Petitions for the various processes of filling vacant church and monastic positions: petitions to elect, petitions to gain the king's approval after the election, and petitions for the restitution of temporalities after the appointment.
They relate to the filling of ecclesiastical offices which had become vacant. For the most part the offices are abbacies, priories, or bishoprics, but some relate to deaneries, prebends and other offices in collegiate churches, and others concern the presentation of chaplains to rectories and vicarages. The gift of these lesser offices was often in the king's hands due to the minority of the normal patron or the seizure of the temporalities of an alien priory in time of war.
These petitions were drawn from the Chancery records formerly held in the Tower of London.
Administrative / biographical background:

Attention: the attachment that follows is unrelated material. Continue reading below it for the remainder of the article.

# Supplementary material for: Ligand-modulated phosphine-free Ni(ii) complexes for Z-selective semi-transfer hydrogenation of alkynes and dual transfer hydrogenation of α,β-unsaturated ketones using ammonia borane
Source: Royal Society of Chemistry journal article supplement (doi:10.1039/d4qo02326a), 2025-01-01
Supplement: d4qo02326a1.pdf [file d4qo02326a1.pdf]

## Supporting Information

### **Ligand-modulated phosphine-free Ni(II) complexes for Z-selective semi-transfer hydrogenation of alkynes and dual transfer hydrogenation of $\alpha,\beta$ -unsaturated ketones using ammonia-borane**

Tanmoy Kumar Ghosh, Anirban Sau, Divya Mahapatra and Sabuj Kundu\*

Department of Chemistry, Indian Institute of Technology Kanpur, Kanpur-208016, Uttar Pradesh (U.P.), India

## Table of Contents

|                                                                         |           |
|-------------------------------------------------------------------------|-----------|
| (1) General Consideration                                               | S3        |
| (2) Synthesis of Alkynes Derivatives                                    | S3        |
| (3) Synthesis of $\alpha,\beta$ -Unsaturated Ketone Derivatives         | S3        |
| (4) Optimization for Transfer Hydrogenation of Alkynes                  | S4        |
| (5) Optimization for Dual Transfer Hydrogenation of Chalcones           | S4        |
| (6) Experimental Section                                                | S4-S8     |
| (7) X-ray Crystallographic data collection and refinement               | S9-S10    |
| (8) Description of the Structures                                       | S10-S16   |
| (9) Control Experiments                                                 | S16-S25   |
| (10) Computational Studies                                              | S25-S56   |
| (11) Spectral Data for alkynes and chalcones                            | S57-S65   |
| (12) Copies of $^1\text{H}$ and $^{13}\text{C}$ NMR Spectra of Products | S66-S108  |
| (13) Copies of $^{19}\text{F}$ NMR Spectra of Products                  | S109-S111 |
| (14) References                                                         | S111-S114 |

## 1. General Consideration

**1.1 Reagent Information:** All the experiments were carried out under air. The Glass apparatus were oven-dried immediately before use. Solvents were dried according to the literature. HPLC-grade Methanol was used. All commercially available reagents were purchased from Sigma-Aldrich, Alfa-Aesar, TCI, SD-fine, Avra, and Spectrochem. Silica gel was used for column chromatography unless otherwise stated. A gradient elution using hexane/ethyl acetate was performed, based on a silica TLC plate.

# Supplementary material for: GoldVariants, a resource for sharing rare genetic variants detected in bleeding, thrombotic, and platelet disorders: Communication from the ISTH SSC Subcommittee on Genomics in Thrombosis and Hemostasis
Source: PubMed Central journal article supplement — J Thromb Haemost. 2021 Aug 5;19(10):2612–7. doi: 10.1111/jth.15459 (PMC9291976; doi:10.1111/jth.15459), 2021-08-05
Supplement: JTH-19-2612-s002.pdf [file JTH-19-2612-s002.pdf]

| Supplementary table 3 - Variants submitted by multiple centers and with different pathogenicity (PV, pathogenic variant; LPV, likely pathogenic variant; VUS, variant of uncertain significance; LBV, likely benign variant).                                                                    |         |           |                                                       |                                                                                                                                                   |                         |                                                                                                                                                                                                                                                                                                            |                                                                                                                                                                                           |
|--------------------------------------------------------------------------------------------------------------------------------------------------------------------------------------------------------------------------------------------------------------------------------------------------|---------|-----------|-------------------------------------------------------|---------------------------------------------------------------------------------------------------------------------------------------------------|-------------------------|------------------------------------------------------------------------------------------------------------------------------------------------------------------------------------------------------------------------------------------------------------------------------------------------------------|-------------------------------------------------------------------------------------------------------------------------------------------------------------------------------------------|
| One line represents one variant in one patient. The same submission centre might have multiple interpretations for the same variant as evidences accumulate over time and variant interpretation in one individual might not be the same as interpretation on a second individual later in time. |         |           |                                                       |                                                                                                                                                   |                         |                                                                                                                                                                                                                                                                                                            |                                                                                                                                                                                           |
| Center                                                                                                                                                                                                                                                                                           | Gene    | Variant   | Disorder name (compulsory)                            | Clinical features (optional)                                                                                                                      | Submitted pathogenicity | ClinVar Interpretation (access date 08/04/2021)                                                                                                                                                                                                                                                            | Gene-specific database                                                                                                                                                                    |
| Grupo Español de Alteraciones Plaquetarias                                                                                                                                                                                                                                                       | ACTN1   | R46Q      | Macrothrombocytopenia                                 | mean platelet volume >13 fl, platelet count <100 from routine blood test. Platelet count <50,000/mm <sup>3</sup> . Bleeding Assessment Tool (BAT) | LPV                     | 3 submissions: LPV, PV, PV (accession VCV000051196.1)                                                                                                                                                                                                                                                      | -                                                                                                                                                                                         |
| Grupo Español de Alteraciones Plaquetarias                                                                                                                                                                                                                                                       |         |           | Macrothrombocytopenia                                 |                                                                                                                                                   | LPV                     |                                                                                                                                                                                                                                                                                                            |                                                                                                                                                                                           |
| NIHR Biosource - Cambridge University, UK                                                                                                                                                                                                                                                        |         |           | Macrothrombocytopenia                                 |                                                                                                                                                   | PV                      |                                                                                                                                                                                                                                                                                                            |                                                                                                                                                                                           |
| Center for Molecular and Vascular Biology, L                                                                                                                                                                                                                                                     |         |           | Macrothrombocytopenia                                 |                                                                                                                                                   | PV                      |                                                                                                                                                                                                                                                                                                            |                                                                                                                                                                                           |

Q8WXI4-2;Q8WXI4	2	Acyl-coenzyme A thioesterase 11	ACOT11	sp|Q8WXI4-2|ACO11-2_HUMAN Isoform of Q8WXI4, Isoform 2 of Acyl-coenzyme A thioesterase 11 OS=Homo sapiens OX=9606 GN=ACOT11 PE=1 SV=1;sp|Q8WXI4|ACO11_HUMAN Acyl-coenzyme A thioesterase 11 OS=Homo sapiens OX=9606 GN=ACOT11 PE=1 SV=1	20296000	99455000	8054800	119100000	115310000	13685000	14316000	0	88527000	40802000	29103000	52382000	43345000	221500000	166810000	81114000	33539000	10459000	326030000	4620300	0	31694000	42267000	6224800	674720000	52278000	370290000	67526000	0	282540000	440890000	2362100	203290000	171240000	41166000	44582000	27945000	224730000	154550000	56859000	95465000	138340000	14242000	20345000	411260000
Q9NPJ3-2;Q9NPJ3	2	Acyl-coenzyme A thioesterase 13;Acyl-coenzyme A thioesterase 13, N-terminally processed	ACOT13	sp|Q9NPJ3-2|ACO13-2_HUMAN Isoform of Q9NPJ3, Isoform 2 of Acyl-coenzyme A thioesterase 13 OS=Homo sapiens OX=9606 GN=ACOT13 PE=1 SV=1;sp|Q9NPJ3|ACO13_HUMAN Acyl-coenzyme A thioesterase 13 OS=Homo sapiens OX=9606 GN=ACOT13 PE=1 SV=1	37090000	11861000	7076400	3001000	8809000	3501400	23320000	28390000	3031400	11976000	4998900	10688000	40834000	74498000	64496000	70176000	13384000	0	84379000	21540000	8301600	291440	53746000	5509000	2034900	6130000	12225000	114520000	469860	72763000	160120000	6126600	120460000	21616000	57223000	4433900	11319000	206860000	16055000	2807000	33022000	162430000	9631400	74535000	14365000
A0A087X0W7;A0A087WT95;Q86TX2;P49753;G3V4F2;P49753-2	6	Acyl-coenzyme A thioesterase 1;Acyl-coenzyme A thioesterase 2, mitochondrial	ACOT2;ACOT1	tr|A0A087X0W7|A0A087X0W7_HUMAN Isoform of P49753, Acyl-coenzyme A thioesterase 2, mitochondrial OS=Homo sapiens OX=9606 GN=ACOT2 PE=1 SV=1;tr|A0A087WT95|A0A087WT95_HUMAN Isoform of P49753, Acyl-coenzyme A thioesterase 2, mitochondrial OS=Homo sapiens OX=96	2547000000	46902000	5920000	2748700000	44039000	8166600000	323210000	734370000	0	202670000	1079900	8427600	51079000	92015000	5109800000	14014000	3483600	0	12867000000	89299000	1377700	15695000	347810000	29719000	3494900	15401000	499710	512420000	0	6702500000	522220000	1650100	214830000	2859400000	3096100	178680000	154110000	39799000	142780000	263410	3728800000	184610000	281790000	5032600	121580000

The filling of these offices normally required a series of petitions, which followed a pattern. First, the chapter or non-exempt monastery notified the king of the death or resignation of the bishop, abbot or prior and requested a licence to elect a replacement. Then, after a candidate had been elected, a second petition was sent begging the king's assent to their choice. Finally, when the election had been confirmed, application was made to the king to order the restitution of temporalities belonging to the office. If these temporalities belonged to a monastery the final petition was sent by the diocesan bishop; if they belonged to a bishopric the petition came from the metropolitan.
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